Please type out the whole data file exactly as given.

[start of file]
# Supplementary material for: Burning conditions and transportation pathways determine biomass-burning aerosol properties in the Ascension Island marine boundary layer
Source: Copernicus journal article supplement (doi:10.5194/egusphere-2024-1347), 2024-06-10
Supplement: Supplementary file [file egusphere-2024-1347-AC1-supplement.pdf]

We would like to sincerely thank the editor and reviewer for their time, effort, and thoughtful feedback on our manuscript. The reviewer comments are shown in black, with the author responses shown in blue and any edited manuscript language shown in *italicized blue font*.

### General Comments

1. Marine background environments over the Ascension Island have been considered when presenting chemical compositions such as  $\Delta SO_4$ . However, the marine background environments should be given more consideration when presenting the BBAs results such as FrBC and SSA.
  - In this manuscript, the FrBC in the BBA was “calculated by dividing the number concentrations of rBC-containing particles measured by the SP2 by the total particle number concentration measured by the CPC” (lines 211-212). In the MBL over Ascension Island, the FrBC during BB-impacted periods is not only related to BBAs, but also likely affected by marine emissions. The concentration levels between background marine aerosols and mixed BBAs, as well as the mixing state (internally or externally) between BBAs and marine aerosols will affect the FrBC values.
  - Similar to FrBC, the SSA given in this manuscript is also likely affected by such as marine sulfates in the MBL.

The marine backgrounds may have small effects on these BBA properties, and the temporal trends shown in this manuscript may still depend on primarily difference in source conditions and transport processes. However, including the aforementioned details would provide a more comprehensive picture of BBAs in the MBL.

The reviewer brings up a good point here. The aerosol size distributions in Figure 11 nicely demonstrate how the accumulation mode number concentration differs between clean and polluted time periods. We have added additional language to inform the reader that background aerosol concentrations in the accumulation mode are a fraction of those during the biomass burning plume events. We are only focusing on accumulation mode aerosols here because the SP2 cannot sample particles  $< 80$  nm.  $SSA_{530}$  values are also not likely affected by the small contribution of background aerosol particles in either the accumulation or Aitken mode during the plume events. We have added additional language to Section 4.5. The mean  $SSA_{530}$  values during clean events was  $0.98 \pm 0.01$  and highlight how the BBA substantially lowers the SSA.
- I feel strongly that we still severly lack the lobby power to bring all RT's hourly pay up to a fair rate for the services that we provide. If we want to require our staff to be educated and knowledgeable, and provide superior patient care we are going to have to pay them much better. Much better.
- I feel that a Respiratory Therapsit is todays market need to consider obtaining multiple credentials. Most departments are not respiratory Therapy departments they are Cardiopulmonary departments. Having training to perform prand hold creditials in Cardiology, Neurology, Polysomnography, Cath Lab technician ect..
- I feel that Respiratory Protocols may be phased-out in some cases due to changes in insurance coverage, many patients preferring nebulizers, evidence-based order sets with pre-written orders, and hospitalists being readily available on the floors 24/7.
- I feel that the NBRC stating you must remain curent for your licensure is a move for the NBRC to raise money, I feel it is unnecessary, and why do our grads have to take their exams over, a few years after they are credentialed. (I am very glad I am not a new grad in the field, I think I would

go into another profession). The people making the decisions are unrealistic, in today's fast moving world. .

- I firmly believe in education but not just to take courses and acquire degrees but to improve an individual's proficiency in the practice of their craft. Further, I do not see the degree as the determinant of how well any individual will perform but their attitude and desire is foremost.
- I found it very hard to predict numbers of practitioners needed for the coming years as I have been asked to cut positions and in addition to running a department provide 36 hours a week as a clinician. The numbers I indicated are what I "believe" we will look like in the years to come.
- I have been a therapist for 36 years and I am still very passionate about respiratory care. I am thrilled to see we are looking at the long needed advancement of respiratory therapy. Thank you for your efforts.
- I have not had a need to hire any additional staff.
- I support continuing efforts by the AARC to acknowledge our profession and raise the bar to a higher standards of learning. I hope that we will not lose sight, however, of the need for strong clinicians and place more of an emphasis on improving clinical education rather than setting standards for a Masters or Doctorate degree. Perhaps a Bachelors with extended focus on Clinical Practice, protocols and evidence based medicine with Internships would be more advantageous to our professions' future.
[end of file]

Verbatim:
# Supplementary material for: Burning conditions and transportation pathways determine biomass-burning aerosol properties in the Ascension Island marine boundary layer
Source: Copernicus journal article supplement (doi:10.5194/egusphere-2024-1347), 2024-06-10
Supplement: Supplementary file [file egusphere-2024-1347-AC1-supplement.pdf]

We would like to sincerely thank the editor and reviewer for their time, effort, and thoughtful feedback on our manuscript. The reviewer comments are shown in black, with the author responses shown in blue and any edited manuscript language shown in *italicized blue font*.

### General Comments

1. Marine background environments over the Ascension Island have been considered when presenting chemical compositions such as  $\Delta SO_4$ . However, the marine background environments should be given more consideration when presenting the BBAs results such as FrBC and SSA.
  - In this manuscript, the FrBC in the BBA was “calculated by dividing the number concentrations of rBC-containing particles measured by the SP2 by the total particle number concentration measured by the CPC” (lines 211-212). In the MBL over Ascension Island, the FrBC during BB-impacted periods is not only related to BBAs, but also likely affected by marine emissions. The concentration levels between background marine aerosols and mixed BBAs, as well as the mixing state (internally or externally) between BBAs and marine aerosols will affect the FrBC values.
  - Similar to FrBC, the SSA given in this manuscript is also likely affected by such as marine sulfates in the MBL.

The marine backgrounds may have small effects on these BBA properties, and the temporal trends shown in this manuscript may still depend on primarily difference in source conditions and transport processes. However, including the aforementioned details would provide a more comprehensive picture of BBAs in the MBL.

The reviewer brings up a good point here. The aerosol size distributions in Figure 11 nicely demonstrate how the accumulation mode number concentration differs between clean and polluted time periods. We have added additional language to inform the reader that background aerosol concentrations in the accumulation mode are a fraction of those during the biomass burning plume events. We are only focusing on accumulation mode aerosols here because the SP2 cannot sample particles  $< 80$  nm.  $SSA_{530}$  values are also not likely affected by the small contribution of background aerosol particles in either the accumulation or Aitken mode during the plume events. We have added additional language to Section 4.5. The mean  $SSA_{530}$  values during clean events was  $0.98 \pm 0.01$  and highlight how the BBA substantially lowers the SSA.
- I feel strongly that we still severly lack the lobby power to bring all RT's hourly pay up to a fair rate for the services that we provide. If we want to require our staff to be educated and knowledgeable, and provide superior patient care we are going to have to pay them much better. Much better.
- I feel that a Respiratory Therapsit is todays market need to consider obtaining multiple credentials. Most departments are not respiratory Therapy departments they are Cardiopulmonary departments. Having training to perform prand hold creditials in Cardiology, Neurology, Polysomnography, Cath Lab technician ect..
- I feel that Respiratory Protocols may be phased-out in some cases due to changes in insurance coverage, many patients preferring nebulizers, evidence-based order sets with pre-written orders, and hospitalists being readily available on the floors 24/7.
- I feel that the NBRC stating you must remain curent for your licensure is a move for the NBRC to raise money, I feel it is unnecessary, and why do our grads have to take their exams over, a few years after they are credentialed. (I am very glad I am not a new grad in the field, I think I would

go into another profession). The people making the decisions are unrealistic, in today's fast moving world. .

- I firmly believe in education but not just to take courses and acquire degrees but to improve an individual's proficiency in the practice of their craft. Further, I do not see the degree as the determinant of how well any individual will perform but their attitude and desire is foremost.
- I found it very hard to predict numbers of practitioners needed for the coming years as I have been asked to cut positions and in addition to running a department provide 36 hours a week as a clinician. The numbers I indicated are what I "believe" we will look like in the years to come.
- I have been a therapist for 36 years and I am still very passionate about respiratory care. I am thrilled to see we are looking at the long needed advancement of respiratory therapy. Thank you for your efforts.
- I have not had a need to hire any additional staff.
- I support continuing efforts by the AARC to acknowledge our profession and raise the bar to a higher standards of learning. I hope that we will not lose sight, however, of the need for strong clinicians and place more of an emphasis on improving clinical education rather than setting standards for a Masters or Doctorate degree. Perhaps a Bachelors with extended focus on Clinical Practice, protocols and evidence based medicine with Internships would be more advantageous to our professions' future.